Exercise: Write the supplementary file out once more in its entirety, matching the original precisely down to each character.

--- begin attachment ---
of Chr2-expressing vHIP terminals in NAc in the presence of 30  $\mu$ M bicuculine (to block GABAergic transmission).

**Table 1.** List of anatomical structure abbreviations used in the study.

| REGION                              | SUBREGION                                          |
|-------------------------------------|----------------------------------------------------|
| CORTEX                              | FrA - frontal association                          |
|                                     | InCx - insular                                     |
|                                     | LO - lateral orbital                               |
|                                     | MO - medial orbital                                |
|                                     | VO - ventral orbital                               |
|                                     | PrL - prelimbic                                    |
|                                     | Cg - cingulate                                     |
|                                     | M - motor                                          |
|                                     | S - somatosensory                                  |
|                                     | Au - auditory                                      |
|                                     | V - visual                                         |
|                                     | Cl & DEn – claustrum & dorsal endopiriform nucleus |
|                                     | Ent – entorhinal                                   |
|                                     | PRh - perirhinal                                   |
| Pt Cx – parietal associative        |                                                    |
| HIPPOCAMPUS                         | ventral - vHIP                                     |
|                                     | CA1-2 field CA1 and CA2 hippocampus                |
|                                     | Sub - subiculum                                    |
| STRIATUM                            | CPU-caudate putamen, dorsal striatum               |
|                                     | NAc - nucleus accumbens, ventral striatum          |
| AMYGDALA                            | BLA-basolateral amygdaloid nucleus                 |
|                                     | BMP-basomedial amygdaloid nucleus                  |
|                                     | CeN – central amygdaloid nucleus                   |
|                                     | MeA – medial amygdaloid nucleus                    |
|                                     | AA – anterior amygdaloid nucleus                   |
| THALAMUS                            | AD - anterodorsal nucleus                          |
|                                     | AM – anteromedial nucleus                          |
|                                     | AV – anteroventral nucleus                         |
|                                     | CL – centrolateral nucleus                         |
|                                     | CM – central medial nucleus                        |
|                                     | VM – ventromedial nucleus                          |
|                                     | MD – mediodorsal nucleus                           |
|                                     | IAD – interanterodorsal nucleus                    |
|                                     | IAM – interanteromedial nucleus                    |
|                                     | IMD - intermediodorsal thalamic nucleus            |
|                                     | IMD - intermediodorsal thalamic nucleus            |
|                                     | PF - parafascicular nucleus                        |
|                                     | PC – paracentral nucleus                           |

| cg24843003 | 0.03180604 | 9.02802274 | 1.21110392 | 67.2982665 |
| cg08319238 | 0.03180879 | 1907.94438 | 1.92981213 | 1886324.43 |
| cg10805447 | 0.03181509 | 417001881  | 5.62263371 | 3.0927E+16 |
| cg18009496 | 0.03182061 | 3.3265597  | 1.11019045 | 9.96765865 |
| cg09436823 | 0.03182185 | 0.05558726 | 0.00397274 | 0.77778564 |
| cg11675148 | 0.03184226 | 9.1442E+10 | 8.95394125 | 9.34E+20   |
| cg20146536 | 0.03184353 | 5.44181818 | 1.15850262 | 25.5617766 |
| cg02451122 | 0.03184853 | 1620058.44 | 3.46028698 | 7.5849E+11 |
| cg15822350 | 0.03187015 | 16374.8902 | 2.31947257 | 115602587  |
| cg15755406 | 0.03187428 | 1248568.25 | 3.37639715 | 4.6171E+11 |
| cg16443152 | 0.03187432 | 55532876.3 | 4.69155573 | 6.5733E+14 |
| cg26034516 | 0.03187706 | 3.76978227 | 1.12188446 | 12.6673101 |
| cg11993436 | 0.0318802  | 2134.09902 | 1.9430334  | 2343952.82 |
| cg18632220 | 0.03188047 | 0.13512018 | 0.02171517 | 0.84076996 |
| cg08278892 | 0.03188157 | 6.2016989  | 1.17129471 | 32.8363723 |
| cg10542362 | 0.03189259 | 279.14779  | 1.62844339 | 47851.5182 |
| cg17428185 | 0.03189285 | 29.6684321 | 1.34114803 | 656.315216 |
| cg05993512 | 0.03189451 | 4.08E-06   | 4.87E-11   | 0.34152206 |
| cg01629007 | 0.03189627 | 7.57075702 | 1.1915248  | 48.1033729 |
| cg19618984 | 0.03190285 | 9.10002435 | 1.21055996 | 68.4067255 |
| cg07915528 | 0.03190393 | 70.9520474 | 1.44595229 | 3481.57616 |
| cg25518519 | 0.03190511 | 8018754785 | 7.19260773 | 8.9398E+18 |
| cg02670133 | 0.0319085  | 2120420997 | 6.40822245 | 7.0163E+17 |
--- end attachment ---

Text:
of Chr2-expressing vHIP terminals in NAc in the presence of 30  $\mu$ M bicuculine (to block GABAergic transmission).

**Table 1.** List of anatomical structure abbreviations used in the study.

| REGION                              | SUBREGION                                          |
|-------------------------------------|----------------------------------------------------|
| CORTEX                              | FrA - frontal association                          |
|                                     | InCx - insular                                     |
|                                     | LO - lateral orbital                               |
|                                     | MO - medial orbital                                |
|                                     | VO - ventral orbital                               |
|                                     | PrL - prelimbic                                    |
|                                     | Cg - cingulate                                     |
|                                     | M - motor                                          |
|                                     | S - somatosensory                                  |
|                                     | Au - auditory                                      |
|                                     | V - visual                                         |
|                                     | Cl & DEn – claustrum & dorsal endopiriform nucleus |
|                                     | Ent – entorhinal                                   |
|                                     | PRh - perirhinal                                   |
| Pt Cx – parietal associative        |                                                    |
| HIPPOCAMPUS                         | ventral - vHIP                                     |
|                                     | CA1-2 field CA1 and CA2 hippocampus                |
|                                     | Sub - subiculum                                    |
| STRIATUM                            | CPU-caudate putamen, dorsal striatum               |
|                                     | NAc - nucleus accumbens, ventral striatum          |
| AMYGDALA                            | BLA-basolateral amygdaloid nucleus                 |
|                                     | BMP-basomedial amygdaloid nucleus                  |
|                                     | CeN – central amygdaloid nucleus                   |
|                                     | MeA – medial amygdaloid nucleus                    |
|                                     | AA – anterior amygdaloid nucleus                   |
| THALAMUS                            | AD - anterodorsal nucleus                          |
|                                     | AM – anteromedial nucleus                          |
|                                     | AV – anteroventral nucleus                         |
|                                     | CL – centrolateral nucleus                         |
|                                     | CM – central medial nucleus                        |
|                                     | VM – ventromedial nucleus                          |
|                                     | MD – mediodorsal nucleus                           |
|                                     | IAD – interanterodorsal nucleus                    |
|                                     | IAM – interanteromedial nucleus                    |
|                                     | IMD - intermediodorsal thalamic nucleus            |
|                                     | IMD - intermediodorsal thalamic nucleus            |
|                                     | PF - parafascicular nucleus                        |
|                                     | PC – paracentral nucleus                           |

| cg24843003 | 0.03180604 | 9.02802274 | 1.21110392 | 67.2982665 |
| cg08319238 | 0.03180879 | 1907.94438 | 1.92981213 | 1886324.43 |
| cg10805447 | 0.03181509 | 417001881  | 5.62263371 | 3.0927E+16 |
| cg18009496 | 0.03182061 | 3.3265597  | 1.11019045 | 9.96765865 |
| cg09436823 | 0.03182185 | 0.05558726 | 0.00397274 | 0.77778564 |
| cg11675148 | 0.03184226 | 9.1442E+10 | 8.95394125 | 9.34E+20   |
| cg20146536 | 0.03184353 | 5.44181818 | 1.15850262 | 25.5617766 |
| cg02451122 | 0.03184853 | 1620058.44 | 3.46028698 | 7.5849E+11 |
| cg15822350 | 0.03187015 | 16374.8902 | 2.31947257 | 115602587  |
| cg15755406 | 0.03187428 | 1248568.25 | 3.37639715 | 4.6171E+11 |
| cg16443152 | 0.03187432 | 55532876.3 | 4.69155573 | 6.5733E+14 |
| cg26034516 | 0.03187706 | 3.76978227 | 1.12188446 | 12.6673101 |
| cg11993436 | 0.0318802  | 2134.09902 | 1.9430334  | 2343952.82 |
| cg18632220 | 0.03188047 | 0.13512018 | 0.02171517 | 0.84076996 |
| cg08278892 | 0.03188157 | 6.2016989  | 1.17129471 | 32.8363723 |
| cg10542362 | 0.03189259 | 279.14779  | 1.62844339 | 47851.5182 |
| cg17428185 | 0.03189285 | 29.6684321 | 1.34114803 | 656.315216 |
| cg05993512 | 0.03189451 | 4.08E-06   | 4.87E-11   | 0.34152206 |
| cg01629007 | 0.03189627 | 7.57075702 | 1.1915248  | 48.1033729 |
| cg19618984 | 0.03190285 | 9.10002435 | 1.21055996 | 68.4067255 |
| cg07915528 | 0.03190393 | 70.9520474 | 1.44595229 | 3481.57616 |
| cg25518519 | 0.03190511 | 8018754785 | 7.19260773 | 8.9398E+18 |
| cg02670133 | 0.0319085  | 2120420997 | 6.40822245 | 7.0163E+17 |